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swelter

[swel-ter] /ˈswɛl tər/
verb (used without object)
1.
to suffer from oppressive heat.
verb (used with object)
2.
to oppress with heat.
3.
Archaic. to exude, as venom.
noun
4.
a sweltering condition.
Origin
late Middle English
1375-1425
1375-1425; late Middle English swelt(e)ren (v.), equivalent to swelt(en) to be overcome with heat (Old English sweltan to die; cognate with Old Norse svelta, Gothic swiltan) + -eren -er6
Related forms
unsweltered, adjective
Dictionary.com Unabridged
Based on the Random House Dictionary, © Random House, Inc. 2014.
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Examples from the web for swelter
  • Museum curators often open their best shows in the fall, when the cooling off from the summer swelter seems to spark energy.
  • But he also knows that he is going to swelter, and maybe stumble, and possibly snag a sleeve in a car or bus door.
  • Act now be sure you won't swelter and suffer during the hot humid days and nights.
British Dictionary definitions for swelter

swelter

/ˈswɛltə/
verb
1.
(intransitive) to suffer under oppressive heat, esp to sweat and feel faint
2.
(transitive) (archaic) to exude (venom)
3.
(transitive) (rare) to cause to suffer under oppressive heat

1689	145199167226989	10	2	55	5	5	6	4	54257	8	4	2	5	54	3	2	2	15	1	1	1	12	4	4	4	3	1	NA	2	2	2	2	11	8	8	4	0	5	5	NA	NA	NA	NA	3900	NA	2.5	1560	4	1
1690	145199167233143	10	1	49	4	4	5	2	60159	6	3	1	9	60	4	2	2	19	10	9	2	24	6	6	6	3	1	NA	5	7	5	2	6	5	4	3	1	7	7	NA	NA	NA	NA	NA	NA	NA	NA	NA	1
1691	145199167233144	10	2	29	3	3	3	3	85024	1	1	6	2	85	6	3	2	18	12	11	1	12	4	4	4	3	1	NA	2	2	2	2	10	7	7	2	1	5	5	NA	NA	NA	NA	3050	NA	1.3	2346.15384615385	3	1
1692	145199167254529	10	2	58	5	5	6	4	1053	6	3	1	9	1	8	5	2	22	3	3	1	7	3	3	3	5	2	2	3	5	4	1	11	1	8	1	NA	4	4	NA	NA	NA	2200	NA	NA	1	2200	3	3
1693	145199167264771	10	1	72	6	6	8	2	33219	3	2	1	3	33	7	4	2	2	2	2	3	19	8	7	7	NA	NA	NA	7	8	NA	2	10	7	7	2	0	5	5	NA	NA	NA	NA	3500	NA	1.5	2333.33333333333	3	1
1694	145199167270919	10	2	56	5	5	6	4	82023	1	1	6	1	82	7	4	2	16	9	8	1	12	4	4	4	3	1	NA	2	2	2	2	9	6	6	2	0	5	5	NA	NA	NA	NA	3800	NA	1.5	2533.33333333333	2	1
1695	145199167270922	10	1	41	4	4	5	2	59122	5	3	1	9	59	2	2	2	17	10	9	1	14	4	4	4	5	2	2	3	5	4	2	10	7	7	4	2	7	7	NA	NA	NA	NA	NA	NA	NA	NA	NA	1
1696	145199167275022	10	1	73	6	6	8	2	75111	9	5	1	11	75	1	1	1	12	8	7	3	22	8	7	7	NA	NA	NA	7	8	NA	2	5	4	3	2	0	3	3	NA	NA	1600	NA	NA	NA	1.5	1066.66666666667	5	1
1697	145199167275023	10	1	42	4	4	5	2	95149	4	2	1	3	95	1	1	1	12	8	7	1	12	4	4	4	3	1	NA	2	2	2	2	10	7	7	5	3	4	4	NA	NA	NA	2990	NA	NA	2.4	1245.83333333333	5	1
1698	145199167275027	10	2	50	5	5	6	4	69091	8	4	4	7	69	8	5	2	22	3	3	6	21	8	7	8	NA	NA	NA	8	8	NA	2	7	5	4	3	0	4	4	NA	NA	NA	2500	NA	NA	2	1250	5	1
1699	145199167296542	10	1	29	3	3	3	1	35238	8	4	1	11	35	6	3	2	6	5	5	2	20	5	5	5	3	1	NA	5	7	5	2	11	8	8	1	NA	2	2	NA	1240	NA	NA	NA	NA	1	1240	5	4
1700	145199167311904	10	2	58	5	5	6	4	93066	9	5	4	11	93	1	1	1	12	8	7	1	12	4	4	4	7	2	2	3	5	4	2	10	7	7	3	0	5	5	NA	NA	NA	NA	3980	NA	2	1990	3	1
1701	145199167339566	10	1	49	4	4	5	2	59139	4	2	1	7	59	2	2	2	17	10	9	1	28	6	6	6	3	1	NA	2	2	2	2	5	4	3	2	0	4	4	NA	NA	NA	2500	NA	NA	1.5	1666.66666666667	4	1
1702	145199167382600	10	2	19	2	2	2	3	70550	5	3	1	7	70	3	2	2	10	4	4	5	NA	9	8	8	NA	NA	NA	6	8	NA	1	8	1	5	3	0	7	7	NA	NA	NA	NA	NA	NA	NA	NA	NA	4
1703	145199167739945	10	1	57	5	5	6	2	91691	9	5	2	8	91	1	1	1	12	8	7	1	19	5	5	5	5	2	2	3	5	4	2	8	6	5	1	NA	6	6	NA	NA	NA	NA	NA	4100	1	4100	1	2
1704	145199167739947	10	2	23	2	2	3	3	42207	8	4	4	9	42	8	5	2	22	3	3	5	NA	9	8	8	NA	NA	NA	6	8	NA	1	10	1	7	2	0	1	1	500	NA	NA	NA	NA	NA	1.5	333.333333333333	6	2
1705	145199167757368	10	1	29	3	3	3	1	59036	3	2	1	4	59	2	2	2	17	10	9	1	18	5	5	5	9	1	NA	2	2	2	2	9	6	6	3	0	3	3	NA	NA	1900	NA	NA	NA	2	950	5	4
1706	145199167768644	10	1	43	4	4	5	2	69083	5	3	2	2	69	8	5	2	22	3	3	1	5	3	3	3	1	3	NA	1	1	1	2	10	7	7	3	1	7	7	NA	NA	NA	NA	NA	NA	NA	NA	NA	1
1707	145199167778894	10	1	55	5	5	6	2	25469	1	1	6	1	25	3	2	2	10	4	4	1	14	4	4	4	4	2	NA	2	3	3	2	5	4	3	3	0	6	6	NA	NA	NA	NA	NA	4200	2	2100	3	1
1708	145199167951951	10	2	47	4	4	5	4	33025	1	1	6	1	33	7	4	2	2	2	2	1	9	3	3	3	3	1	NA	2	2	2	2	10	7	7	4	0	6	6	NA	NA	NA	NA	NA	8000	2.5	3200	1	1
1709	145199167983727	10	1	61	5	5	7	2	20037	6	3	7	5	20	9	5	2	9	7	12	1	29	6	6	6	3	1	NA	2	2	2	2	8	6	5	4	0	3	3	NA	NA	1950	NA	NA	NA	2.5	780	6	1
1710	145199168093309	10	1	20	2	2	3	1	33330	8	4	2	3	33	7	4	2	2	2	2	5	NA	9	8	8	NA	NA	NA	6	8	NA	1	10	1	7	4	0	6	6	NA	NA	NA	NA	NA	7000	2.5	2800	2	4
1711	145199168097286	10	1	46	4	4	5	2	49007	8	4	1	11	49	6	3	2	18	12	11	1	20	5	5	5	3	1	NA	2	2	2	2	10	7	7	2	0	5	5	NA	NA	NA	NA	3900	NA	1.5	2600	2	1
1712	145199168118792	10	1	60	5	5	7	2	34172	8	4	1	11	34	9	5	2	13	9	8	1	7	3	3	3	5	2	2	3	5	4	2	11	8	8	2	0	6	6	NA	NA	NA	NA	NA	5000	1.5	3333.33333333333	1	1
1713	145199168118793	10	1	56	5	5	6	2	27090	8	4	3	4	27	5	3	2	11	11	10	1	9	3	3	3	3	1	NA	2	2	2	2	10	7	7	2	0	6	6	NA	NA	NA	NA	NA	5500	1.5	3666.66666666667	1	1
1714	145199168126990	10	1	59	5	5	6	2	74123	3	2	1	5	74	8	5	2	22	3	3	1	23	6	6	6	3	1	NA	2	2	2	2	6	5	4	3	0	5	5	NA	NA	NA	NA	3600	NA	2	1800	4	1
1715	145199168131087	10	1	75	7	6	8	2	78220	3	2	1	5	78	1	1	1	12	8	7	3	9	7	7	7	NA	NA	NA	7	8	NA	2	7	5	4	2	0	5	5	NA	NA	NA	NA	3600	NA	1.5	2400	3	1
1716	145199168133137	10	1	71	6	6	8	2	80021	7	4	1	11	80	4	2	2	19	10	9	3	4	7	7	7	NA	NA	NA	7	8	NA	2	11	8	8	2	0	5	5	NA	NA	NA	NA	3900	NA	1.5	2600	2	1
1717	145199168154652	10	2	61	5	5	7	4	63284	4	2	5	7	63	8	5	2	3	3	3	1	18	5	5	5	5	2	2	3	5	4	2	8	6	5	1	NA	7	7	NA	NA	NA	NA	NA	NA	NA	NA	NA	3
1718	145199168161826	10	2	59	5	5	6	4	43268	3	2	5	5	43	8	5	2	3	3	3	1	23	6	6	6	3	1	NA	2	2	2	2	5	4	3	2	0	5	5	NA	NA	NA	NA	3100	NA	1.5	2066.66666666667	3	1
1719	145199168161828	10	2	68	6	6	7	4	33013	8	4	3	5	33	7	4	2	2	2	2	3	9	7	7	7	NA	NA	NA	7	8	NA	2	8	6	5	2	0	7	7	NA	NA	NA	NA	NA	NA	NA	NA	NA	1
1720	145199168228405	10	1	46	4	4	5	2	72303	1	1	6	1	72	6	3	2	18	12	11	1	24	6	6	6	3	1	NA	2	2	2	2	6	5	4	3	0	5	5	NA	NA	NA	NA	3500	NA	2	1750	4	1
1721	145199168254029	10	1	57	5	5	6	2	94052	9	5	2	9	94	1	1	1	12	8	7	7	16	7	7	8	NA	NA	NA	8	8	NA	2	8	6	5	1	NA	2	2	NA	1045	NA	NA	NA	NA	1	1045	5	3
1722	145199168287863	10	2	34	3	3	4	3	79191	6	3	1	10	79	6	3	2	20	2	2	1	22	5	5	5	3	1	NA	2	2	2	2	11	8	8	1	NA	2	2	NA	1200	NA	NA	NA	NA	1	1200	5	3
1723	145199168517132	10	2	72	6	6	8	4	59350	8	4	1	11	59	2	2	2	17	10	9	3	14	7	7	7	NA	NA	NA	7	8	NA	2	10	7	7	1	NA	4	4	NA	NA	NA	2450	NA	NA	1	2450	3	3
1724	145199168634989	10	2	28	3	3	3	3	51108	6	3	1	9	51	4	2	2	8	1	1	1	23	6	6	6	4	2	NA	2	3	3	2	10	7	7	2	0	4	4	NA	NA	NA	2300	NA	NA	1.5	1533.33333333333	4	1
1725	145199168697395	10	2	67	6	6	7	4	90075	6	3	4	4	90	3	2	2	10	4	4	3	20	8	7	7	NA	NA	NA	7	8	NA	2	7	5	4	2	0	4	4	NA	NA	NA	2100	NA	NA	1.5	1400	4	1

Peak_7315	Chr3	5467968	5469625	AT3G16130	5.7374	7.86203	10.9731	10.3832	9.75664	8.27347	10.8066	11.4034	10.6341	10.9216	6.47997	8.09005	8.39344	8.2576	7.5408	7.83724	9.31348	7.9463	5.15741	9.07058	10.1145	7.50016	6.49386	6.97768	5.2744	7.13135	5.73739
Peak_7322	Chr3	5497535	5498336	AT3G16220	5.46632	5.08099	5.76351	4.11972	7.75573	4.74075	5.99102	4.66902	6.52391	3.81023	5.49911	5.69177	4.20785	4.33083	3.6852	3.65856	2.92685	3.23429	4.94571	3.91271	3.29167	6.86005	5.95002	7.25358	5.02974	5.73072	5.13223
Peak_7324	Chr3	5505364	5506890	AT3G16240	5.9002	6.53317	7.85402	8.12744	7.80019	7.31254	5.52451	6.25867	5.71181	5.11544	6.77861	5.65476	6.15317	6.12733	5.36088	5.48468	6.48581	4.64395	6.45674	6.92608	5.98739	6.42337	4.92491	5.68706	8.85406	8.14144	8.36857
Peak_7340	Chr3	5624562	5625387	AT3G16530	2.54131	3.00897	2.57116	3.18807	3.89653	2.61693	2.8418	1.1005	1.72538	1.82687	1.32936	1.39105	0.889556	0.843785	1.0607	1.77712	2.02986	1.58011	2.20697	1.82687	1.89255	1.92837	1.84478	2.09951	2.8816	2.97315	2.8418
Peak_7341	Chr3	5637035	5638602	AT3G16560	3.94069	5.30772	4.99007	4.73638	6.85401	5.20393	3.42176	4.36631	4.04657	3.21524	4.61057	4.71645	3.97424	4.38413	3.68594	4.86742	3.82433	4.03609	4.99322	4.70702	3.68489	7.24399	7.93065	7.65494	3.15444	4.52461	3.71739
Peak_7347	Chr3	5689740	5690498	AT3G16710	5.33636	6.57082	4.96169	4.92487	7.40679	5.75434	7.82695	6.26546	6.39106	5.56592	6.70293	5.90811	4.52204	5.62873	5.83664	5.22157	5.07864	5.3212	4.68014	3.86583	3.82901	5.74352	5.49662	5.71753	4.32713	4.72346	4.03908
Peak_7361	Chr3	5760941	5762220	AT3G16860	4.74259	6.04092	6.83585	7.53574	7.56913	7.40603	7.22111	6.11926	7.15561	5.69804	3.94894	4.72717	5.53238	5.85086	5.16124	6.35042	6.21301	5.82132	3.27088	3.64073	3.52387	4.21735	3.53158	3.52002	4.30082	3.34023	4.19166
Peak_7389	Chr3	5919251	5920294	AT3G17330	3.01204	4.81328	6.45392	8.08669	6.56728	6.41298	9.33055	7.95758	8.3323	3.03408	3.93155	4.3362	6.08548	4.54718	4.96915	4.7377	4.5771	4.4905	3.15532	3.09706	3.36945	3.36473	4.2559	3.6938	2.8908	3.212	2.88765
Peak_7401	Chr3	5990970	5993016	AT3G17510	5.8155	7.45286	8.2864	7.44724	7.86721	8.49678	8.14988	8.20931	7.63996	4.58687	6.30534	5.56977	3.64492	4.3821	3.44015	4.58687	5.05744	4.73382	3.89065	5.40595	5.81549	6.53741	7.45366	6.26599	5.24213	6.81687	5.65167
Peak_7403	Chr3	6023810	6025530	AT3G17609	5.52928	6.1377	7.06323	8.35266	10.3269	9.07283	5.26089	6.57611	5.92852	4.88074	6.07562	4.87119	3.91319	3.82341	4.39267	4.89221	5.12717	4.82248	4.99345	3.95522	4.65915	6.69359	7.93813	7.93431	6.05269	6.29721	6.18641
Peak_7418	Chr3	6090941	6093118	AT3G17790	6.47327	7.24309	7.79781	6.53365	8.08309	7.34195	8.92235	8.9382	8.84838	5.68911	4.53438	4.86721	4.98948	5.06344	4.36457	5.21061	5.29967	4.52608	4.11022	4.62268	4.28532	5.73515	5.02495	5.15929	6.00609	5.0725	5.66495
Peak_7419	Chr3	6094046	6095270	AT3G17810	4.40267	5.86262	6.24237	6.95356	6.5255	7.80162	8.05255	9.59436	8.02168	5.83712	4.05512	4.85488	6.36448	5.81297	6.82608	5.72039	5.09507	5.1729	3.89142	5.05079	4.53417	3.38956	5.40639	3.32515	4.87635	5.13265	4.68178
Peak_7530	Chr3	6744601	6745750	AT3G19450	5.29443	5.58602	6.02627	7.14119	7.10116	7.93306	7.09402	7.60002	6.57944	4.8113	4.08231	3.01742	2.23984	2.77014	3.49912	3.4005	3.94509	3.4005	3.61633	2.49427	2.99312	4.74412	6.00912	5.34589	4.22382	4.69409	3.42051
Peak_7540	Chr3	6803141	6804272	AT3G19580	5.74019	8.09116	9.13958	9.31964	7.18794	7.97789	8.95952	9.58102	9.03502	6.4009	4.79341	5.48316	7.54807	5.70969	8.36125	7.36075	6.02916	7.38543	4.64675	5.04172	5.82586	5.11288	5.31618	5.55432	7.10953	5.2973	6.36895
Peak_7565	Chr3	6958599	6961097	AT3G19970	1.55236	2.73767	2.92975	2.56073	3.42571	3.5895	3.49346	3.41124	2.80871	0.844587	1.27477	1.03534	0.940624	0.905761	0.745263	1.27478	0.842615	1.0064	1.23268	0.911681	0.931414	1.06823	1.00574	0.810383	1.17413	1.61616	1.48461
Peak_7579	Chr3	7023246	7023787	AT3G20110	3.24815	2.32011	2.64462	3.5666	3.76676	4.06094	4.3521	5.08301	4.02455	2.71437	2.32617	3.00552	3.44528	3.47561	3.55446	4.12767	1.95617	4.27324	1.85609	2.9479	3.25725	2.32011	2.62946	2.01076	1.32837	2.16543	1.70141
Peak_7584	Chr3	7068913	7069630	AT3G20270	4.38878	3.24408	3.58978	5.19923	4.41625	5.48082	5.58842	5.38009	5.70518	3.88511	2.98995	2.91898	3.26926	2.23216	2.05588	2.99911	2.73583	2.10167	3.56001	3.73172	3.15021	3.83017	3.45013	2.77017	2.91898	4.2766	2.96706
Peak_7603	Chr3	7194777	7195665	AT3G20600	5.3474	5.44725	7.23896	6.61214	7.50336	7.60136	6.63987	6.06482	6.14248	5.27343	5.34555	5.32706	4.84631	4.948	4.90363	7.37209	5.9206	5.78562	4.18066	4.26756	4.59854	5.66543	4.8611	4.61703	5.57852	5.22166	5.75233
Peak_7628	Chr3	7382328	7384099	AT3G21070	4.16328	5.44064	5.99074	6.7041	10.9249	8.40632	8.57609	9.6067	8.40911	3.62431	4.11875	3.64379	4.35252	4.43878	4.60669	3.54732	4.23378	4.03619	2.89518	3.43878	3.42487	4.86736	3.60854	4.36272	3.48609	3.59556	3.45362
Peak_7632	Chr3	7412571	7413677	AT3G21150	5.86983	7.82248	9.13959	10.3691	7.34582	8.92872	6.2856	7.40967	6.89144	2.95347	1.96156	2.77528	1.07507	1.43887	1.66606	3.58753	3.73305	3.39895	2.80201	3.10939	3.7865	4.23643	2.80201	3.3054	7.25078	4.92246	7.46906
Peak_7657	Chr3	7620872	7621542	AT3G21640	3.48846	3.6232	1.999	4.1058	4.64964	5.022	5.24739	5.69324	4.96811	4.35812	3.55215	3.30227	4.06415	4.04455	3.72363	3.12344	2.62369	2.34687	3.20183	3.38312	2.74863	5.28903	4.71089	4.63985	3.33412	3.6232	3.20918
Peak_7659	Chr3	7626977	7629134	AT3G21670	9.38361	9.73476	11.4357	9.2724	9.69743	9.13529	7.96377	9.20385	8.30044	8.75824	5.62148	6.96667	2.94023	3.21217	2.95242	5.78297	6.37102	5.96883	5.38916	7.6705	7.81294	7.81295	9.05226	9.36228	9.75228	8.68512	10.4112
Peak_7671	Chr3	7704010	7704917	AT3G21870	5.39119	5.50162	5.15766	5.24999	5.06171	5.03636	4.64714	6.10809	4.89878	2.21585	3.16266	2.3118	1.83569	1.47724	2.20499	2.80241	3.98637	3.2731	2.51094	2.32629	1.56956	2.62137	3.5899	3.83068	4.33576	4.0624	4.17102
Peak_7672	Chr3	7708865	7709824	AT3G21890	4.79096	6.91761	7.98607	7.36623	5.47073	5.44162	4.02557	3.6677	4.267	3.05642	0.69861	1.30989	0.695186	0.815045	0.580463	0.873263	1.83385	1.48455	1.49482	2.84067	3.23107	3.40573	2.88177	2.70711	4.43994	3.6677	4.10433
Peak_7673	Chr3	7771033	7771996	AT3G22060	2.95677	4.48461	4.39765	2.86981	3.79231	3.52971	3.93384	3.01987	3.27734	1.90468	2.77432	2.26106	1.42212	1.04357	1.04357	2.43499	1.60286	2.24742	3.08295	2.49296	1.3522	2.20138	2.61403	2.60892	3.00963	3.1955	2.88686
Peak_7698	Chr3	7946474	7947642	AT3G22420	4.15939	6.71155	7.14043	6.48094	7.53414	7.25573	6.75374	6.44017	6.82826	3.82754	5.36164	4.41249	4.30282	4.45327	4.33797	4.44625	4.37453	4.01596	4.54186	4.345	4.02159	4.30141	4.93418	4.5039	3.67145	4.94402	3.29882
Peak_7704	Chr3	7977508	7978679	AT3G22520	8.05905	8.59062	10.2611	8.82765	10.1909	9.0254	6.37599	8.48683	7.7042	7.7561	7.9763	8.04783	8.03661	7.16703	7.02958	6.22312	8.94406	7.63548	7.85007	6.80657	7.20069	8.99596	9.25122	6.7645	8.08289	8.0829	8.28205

noun
4.
a sweltering condition (esp in the phrase in a swelter)
5.
oppressive humid heat
Word Origin
C15 swelten, from Old English sweltan to die; related to Old Norse svelta to starve, Old High German swelzan to burn with passion; see sultry
Collins English Dictionary - Complete & Unabridged 2012 Digital Edition
© William Collins Sons & Co. Ltd. 1979, 1986 © HarperCollins
Publishers 1998, 2000, 2003, 2005, 2006, 2007, 2009, 2012
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Word Origin and History for swelter
v.

c.1400, frequentative of swelten "be faint (especially with heat)," late 14c., from Old English sweltan "to die," from Proto-Germanic *swel- (cf. Old Saxon sweltan "to die," Old Norse svelta "to put to death, starve," Gothic sviltan "to die"), originally "to burn slowly," hence "to be overcome with heat or fever;" also the source of Old English swelan "to burn," from PIE root *swel- (2) "to shine, beam" (see Selene). For specialization of words meaning "to die," cf. starve. Related: Sweltered; sweltering.

Online Etymology Dictionary, © 2010 Douglas Harper
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